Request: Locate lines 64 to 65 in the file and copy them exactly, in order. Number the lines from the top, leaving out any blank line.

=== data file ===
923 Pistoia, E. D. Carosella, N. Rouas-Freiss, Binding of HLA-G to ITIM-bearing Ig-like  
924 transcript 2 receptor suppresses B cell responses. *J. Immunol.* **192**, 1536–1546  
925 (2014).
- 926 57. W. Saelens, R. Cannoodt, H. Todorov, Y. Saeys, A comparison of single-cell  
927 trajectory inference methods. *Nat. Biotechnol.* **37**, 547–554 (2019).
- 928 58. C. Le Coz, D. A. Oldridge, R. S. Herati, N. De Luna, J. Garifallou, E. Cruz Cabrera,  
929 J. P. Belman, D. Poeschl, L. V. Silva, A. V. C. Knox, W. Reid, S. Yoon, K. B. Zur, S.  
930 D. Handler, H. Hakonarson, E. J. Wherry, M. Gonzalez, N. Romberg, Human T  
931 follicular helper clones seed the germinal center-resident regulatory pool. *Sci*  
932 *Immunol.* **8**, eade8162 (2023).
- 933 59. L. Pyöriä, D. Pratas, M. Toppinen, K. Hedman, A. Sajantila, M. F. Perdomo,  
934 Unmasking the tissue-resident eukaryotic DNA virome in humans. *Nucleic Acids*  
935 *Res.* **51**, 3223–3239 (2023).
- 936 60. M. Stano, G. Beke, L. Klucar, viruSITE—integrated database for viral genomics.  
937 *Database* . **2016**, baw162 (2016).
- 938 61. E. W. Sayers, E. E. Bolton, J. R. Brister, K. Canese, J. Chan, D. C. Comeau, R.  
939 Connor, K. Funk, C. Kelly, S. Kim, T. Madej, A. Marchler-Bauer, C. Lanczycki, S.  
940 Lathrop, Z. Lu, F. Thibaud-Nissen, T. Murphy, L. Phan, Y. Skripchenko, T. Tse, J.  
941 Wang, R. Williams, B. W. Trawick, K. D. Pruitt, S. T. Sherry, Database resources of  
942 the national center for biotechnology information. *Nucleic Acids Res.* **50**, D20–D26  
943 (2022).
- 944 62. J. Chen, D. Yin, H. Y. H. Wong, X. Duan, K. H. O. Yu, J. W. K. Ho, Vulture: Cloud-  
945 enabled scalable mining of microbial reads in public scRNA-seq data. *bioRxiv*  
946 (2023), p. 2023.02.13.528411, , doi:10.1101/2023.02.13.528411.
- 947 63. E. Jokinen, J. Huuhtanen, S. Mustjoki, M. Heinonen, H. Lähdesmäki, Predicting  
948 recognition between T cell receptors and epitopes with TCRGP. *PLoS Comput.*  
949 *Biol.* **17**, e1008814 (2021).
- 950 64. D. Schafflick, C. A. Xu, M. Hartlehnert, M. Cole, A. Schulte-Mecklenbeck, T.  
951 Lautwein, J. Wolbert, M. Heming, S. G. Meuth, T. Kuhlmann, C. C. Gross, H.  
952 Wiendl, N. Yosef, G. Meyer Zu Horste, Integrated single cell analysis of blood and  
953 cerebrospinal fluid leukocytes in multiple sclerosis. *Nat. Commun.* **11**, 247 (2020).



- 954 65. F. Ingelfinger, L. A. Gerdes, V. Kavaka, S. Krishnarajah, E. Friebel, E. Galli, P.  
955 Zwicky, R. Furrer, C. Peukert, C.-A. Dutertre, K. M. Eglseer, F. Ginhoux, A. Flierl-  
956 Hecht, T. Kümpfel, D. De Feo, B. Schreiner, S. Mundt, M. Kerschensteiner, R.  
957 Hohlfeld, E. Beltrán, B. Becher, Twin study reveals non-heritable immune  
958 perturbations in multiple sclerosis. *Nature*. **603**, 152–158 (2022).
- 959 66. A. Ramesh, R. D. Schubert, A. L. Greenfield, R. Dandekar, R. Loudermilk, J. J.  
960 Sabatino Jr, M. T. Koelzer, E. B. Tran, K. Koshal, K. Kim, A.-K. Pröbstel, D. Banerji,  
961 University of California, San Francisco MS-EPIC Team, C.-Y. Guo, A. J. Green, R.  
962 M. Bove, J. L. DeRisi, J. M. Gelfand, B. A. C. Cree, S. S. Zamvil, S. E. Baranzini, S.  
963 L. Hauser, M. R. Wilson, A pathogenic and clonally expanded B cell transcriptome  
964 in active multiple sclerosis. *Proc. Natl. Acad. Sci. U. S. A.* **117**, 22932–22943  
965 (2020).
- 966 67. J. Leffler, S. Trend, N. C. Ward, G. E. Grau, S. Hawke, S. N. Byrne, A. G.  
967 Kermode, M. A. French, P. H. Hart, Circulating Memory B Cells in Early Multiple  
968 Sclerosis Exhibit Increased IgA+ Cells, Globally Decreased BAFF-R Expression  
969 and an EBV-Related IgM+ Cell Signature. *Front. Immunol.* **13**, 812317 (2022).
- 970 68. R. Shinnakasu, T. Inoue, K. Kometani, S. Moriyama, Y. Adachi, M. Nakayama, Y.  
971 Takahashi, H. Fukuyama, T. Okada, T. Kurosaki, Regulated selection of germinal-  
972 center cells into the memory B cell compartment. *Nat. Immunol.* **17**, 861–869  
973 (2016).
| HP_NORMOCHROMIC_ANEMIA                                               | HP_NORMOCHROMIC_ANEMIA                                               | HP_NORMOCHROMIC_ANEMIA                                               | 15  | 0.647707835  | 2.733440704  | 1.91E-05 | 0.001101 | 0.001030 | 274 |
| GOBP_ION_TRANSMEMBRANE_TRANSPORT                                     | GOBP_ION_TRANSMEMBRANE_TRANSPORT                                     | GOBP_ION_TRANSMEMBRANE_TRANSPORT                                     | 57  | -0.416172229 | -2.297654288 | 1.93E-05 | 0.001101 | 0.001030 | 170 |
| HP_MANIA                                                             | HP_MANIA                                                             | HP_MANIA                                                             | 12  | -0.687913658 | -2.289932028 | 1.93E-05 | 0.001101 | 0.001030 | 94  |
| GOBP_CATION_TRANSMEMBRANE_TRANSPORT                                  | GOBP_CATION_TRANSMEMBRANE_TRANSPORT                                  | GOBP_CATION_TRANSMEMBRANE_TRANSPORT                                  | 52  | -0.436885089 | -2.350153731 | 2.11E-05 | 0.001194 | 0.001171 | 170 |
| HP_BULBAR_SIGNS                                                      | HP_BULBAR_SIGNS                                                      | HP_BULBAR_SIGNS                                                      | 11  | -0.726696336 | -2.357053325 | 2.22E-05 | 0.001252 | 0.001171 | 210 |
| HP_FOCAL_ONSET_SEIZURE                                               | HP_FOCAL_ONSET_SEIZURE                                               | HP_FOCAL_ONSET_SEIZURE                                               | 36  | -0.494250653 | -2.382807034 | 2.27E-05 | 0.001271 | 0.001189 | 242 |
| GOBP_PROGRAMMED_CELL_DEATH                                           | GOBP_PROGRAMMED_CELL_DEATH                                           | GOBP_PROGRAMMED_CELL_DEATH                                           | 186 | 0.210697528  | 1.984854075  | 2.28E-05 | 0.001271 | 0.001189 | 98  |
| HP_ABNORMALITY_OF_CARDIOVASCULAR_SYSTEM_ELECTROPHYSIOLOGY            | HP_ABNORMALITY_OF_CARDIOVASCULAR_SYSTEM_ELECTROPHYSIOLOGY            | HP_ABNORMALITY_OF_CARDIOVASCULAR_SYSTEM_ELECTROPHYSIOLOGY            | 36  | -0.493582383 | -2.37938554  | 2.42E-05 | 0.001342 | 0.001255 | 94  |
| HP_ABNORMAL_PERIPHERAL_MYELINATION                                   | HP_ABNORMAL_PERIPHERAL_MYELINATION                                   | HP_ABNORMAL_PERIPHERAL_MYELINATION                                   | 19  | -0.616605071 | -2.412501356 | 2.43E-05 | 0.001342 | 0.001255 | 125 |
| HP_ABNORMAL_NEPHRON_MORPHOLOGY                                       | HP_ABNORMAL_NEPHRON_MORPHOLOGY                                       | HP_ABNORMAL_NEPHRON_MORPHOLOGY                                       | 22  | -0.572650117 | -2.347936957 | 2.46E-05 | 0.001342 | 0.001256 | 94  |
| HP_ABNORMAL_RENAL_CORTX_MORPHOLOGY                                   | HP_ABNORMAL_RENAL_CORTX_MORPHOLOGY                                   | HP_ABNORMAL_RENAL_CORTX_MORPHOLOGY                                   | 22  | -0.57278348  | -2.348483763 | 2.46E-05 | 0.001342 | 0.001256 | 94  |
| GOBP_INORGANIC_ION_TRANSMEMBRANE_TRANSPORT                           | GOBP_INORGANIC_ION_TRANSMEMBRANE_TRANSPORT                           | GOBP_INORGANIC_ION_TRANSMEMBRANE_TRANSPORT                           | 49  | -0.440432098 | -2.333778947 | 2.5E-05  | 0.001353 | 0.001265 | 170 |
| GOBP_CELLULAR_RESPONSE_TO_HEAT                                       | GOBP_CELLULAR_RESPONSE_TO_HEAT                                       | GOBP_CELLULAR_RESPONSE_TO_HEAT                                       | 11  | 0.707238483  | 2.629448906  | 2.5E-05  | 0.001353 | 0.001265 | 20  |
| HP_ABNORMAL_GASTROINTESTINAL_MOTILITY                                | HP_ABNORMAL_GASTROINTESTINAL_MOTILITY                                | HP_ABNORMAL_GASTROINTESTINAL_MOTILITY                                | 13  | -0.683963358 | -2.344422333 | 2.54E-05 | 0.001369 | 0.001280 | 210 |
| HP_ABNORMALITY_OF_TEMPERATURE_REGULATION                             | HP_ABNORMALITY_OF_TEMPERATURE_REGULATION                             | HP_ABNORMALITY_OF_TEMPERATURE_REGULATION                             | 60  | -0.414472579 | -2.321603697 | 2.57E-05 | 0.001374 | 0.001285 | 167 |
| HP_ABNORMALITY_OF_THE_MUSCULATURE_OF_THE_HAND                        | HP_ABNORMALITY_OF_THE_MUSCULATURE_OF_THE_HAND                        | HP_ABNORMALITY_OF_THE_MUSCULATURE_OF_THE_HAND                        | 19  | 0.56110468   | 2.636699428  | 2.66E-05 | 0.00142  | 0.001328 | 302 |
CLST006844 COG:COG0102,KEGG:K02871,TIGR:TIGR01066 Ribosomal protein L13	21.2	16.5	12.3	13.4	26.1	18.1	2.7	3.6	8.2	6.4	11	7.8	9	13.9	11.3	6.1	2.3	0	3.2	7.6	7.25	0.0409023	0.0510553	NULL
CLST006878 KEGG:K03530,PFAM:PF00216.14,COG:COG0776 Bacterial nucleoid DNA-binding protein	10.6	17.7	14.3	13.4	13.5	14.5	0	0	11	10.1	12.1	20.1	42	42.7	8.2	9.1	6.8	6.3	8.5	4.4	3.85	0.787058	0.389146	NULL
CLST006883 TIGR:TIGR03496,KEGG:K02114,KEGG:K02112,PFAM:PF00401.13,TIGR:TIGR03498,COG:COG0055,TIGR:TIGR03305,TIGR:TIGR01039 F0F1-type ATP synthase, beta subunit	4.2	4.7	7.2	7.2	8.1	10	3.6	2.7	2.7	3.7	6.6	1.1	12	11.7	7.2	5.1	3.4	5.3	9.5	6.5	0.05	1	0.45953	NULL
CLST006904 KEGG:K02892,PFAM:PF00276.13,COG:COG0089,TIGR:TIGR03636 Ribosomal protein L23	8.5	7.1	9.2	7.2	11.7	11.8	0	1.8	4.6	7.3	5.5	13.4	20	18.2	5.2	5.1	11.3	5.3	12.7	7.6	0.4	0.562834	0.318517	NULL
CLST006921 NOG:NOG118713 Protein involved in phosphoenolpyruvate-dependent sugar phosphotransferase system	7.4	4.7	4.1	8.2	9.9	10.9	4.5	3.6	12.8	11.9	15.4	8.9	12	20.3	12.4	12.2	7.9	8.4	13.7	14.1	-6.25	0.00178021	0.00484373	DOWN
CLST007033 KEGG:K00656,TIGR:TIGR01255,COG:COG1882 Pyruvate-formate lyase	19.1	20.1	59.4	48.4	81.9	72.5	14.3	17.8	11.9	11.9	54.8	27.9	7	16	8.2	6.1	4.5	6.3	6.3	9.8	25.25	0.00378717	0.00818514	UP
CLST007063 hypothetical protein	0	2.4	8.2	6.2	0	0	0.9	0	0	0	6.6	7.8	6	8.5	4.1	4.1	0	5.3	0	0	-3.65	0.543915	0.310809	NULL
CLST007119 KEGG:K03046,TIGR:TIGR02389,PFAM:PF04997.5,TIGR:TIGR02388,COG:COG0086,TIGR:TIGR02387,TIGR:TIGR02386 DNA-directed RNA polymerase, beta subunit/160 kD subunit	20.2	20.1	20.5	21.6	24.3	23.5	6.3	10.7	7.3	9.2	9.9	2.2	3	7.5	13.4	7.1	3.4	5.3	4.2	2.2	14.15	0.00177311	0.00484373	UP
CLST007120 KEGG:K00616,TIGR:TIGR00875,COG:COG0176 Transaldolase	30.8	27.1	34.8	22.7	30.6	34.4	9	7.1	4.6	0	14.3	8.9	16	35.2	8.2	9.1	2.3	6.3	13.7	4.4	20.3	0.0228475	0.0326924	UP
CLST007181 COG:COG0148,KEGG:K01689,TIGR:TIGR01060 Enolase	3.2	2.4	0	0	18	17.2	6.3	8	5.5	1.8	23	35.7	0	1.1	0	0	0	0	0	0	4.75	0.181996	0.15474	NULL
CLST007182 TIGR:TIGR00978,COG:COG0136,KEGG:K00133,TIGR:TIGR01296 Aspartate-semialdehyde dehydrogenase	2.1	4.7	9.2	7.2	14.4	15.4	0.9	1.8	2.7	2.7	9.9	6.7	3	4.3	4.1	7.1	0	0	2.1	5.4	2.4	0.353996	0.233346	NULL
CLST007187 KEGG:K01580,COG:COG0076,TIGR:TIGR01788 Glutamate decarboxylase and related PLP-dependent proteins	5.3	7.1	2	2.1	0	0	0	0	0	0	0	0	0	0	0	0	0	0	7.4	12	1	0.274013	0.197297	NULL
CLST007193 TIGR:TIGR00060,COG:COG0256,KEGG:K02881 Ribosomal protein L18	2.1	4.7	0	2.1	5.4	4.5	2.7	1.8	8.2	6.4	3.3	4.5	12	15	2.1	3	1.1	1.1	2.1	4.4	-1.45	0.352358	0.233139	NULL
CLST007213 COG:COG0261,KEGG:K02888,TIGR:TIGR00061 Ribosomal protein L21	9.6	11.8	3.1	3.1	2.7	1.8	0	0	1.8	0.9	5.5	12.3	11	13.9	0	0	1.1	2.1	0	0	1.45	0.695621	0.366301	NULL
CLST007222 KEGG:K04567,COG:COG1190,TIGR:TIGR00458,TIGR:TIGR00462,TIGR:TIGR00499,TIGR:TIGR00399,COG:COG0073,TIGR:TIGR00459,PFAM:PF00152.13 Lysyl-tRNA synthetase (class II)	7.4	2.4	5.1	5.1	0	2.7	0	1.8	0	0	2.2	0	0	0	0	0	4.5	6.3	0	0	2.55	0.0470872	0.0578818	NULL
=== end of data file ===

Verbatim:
| GOBP_CELLULAR_RESPONSE_TO_HEAT                                       | GOBP_CELLULAR_RESPONSE_TO_HEAT                                       | GOBP_CELLULAR_RESPONSE_TO_HEAT                                       | 11  | 0.707238483  | 2.629448906  | 2.5E-05  | 0.001353 | 0.001265 | 20  |
| HP_ABNORMAL_GASTROINTESTINAL_MOTILITY                                | HP_ABNORMAL_GASTROINTESTINAL_MOTILITY                                | HP_ABNORMAL_GASTROINTESTINAL_MOTILITY                                | 13  | -0.683963358 | -2.344422333 | 2.54E-05 | 0.001369 | 0.001280 | 210 |